Research Paper Prospectus: A prospectus identifies the topic that you intend to investigate, and the kinds of questions and/or problems your paper seeks to address. You should thus be indicating what you want to research, and why. When you submit this assignment, you will not have had time to learn most of the concepts presented in this course—however, please offer at least a preliminary outline of how you intend to conceptualize and explain your argument, and this may draw on theories you have learned in other courses. Please provide a contingent outline of the structure of your paper, using sample subheadings. Finally, list the kinds of documentary resources that you will probably be consulting for your research—such as electronic journal databases (name them), newspaper articles, UN documents, etc.
Working Bibliography: Hard work and initiative are of course very much rewarded in this seminar, while also boosting the chances that your work will be published. As a goal, all of the items listed in your bibliography should roughly amount to a total of 250 pages of reading, not including assigned readings that you may use.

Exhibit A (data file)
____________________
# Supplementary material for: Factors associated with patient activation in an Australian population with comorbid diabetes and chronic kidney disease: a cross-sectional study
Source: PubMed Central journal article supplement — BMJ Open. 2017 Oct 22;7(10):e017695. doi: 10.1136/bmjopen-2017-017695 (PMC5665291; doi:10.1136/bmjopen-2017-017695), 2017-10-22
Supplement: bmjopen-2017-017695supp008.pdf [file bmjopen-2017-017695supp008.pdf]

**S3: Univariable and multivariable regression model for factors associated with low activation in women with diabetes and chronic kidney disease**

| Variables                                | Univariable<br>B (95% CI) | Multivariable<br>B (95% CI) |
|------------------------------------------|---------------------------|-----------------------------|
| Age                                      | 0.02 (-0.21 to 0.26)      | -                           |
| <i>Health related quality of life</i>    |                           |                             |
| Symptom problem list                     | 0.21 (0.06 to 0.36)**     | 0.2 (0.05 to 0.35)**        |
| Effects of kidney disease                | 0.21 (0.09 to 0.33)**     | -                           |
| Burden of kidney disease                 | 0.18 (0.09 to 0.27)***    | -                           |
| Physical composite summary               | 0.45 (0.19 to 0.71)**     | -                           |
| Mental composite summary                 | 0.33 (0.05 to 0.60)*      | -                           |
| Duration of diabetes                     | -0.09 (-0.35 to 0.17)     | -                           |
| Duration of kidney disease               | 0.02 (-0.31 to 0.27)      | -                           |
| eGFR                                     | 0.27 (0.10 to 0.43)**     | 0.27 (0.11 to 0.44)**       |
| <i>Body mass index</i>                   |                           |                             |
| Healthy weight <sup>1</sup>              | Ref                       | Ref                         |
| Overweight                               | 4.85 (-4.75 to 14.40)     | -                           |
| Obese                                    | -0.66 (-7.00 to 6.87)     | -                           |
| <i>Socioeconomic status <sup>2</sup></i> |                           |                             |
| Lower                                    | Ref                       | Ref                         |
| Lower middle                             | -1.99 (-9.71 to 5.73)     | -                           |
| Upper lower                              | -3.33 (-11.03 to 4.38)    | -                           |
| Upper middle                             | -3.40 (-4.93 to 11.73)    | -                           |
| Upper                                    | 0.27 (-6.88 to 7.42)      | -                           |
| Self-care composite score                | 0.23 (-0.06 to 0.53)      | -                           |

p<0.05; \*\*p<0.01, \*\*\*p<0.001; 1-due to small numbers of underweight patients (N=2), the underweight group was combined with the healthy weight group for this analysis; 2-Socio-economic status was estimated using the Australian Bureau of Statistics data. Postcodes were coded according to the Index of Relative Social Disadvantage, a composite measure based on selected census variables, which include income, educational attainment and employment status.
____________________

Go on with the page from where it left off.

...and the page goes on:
Aim for diverse sources: primary documents (such as speeches, papers produced by international organizations or government departments), newspaper articles, websites, academic journals, books by non-academics and public intellectuals, videos, etc.
List these sources using this style, and providing URLs for all electronic items (except for articles in journal databases or e-books found in those databases):
Surname, Name. (Year). “Title If This is a Journal or Newspaper Article.” The Source Which Published This Article, Volume number if applicable, Issue number if applicable, page-or pages.
Surname, Name. (Year). Title If This is a Book Title. City of Publication, Province or State: Publisher.
More on formatting references:
We will use the APA Style Guide, with one difference: please spell out the first names of authors listed in your References:
+ see the style guidebook at the bottom of this page.
You can use the free automatic citation maker here:
And please consult the resources listed here:
Annotated Sources: for a journal article or a book chapter, write one paragraph that summarizes what is most important for your paper (thus, not a comprehensive summary of everything in that source). For a newspaper article, one or two sentences will do. By the due date for this assignment, it is expected that you will have read no less than the page equivalent of six (6) journal articles, roughly 20 pages each. You should also consider skimming sources you have not yet fully read, but which you think you might do later, and group them in a separate section with some notes on how they may be useful.
The purpose is to start having notes at hand, and digesting your sources, in preparation for writing up your paper.
Using online sources works best when using Diigo (